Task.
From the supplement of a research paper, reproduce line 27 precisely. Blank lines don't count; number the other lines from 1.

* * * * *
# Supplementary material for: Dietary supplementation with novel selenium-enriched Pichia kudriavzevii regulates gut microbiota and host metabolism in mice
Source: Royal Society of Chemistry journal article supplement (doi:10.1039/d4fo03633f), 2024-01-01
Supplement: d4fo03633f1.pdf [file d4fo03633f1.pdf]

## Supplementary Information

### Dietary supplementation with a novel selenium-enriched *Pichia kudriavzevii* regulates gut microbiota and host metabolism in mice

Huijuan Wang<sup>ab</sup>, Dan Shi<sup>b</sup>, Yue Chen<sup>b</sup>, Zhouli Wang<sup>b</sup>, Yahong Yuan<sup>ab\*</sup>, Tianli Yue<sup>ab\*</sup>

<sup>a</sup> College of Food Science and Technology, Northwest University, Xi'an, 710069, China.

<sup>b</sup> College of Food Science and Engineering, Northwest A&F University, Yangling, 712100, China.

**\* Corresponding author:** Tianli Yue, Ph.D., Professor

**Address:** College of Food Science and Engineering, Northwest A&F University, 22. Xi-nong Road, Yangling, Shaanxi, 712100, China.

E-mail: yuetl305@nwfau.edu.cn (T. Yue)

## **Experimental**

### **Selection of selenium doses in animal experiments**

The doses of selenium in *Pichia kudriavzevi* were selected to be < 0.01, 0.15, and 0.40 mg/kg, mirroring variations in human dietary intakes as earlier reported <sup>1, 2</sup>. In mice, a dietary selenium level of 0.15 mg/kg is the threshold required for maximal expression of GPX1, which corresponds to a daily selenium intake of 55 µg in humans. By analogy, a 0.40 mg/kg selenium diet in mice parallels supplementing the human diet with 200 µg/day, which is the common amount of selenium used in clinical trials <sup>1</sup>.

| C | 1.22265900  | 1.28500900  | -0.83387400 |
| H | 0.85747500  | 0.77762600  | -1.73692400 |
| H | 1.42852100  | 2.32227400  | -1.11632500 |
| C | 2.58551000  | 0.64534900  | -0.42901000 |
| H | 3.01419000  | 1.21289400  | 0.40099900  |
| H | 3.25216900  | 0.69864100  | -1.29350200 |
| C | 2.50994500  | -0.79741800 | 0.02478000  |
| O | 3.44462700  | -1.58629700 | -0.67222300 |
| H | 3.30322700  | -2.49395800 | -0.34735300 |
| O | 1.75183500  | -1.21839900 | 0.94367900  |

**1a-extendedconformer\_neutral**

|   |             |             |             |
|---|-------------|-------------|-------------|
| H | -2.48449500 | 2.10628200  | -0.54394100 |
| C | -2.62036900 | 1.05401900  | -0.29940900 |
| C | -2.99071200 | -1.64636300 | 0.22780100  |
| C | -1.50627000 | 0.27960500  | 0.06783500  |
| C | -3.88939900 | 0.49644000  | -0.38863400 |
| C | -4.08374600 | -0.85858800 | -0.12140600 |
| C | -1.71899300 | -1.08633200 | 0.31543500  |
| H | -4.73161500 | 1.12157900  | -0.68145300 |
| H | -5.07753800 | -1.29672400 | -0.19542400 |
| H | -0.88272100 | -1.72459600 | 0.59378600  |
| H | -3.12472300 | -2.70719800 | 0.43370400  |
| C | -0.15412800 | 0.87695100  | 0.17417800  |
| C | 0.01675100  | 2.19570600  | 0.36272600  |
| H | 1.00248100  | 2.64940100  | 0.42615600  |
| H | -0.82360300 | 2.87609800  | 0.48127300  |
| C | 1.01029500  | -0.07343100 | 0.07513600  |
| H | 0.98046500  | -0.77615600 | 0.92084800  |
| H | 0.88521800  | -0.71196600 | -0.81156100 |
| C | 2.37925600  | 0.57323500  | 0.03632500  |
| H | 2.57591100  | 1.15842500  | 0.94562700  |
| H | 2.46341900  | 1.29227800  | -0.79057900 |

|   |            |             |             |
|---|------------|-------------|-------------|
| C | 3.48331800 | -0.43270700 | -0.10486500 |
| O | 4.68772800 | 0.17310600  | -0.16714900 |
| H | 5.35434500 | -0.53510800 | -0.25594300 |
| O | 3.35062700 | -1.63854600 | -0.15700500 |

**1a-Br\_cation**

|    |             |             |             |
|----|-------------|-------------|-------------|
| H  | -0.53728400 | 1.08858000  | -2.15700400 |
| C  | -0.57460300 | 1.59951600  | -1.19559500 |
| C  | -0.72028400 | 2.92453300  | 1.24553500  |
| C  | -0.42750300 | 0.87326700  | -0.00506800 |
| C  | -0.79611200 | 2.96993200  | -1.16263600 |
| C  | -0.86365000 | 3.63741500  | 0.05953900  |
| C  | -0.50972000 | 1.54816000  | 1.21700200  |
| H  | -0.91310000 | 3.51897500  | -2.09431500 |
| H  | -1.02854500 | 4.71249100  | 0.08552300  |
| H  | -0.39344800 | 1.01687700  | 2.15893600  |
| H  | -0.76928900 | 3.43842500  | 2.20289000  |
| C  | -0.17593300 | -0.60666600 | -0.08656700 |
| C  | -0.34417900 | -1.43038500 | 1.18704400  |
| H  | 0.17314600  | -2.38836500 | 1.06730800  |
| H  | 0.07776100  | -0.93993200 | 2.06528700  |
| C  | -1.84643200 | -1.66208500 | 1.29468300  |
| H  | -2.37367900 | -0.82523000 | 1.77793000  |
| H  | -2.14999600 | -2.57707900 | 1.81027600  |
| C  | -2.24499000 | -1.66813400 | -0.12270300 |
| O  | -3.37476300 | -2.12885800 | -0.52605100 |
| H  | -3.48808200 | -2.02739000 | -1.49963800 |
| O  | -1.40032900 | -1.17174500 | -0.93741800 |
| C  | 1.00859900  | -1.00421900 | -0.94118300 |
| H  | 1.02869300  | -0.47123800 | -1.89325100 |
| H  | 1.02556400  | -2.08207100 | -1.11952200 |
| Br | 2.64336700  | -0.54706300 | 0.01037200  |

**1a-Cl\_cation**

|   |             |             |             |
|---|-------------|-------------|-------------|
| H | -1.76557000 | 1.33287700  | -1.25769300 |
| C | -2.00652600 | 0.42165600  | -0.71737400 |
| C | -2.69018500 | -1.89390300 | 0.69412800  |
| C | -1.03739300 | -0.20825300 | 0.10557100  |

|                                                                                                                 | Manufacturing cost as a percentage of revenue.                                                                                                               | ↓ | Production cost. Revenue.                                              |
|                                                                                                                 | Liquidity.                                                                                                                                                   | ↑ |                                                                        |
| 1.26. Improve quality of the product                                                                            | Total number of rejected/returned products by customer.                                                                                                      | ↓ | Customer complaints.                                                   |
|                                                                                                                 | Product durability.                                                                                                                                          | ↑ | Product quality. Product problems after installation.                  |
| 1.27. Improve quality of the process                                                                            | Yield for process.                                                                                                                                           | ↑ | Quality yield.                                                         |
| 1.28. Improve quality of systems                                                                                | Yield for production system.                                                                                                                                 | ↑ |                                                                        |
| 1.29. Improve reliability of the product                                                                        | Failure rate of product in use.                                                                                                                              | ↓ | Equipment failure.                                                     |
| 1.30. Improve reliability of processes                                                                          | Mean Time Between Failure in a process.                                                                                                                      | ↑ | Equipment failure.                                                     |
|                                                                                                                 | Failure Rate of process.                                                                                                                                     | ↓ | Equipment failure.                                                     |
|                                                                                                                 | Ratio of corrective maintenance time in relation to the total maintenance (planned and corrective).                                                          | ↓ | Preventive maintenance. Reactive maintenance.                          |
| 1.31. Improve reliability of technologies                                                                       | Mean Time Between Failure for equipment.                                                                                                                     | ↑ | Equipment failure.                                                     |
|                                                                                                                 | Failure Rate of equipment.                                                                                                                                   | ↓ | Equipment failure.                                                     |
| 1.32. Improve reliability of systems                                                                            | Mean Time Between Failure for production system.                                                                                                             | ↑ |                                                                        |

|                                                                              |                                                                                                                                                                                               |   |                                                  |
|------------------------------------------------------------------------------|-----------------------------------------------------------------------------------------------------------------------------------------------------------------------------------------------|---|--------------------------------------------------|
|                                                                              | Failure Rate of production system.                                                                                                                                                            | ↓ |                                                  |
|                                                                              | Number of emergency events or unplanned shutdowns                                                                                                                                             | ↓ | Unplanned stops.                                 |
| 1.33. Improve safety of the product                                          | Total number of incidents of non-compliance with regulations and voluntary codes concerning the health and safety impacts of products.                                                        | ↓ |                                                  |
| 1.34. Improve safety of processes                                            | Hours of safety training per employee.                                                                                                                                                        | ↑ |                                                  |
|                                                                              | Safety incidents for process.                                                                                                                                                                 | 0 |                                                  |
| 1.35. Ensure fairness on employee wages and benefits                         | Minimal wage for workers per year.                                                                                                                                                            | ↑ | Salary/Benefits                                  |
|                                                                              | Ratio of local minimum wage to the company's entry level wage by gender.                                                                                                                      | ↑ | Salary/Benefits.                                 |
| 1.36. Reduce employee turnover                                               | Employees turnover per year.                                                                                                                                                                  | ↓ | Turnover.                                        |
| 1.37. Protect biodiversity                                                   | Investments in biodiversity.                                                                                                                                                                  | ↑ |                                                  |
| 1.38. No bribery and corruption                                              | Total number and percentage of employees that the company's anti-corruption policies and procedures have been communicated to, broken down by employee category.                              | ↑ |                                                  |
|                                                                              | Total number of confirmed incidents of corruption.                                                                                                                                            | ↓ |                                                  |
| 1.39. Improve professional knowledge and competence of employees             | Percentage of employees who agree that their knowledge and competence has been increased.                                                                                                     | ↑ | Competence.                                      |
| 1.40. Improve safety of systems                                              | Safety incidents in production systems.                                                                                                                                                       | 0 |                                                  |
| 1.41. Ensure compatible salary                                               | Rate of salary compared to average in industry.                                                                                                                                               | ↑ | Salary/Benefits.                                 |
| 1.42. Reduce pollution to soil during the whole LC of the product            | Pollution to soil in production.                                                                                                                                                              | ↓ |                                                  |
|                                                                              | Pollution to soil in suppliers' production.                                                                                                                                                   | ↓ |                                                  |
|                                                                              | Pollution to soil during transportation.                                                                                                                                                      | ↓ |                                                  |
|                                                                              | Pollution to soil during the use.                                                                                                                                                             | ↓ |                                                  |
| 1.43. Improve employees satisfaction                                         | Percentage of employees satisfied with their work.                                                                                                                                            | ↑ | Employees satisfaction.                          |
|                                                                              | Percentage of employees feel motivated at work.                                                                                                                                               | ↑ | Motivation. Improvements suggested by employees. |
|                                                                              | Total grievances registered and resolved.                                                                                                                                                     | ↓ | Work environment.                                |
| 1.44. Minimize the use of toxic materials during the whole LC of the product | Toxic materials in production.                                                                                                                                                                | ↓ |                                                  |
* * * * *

|---|-------------|-------------|-------------|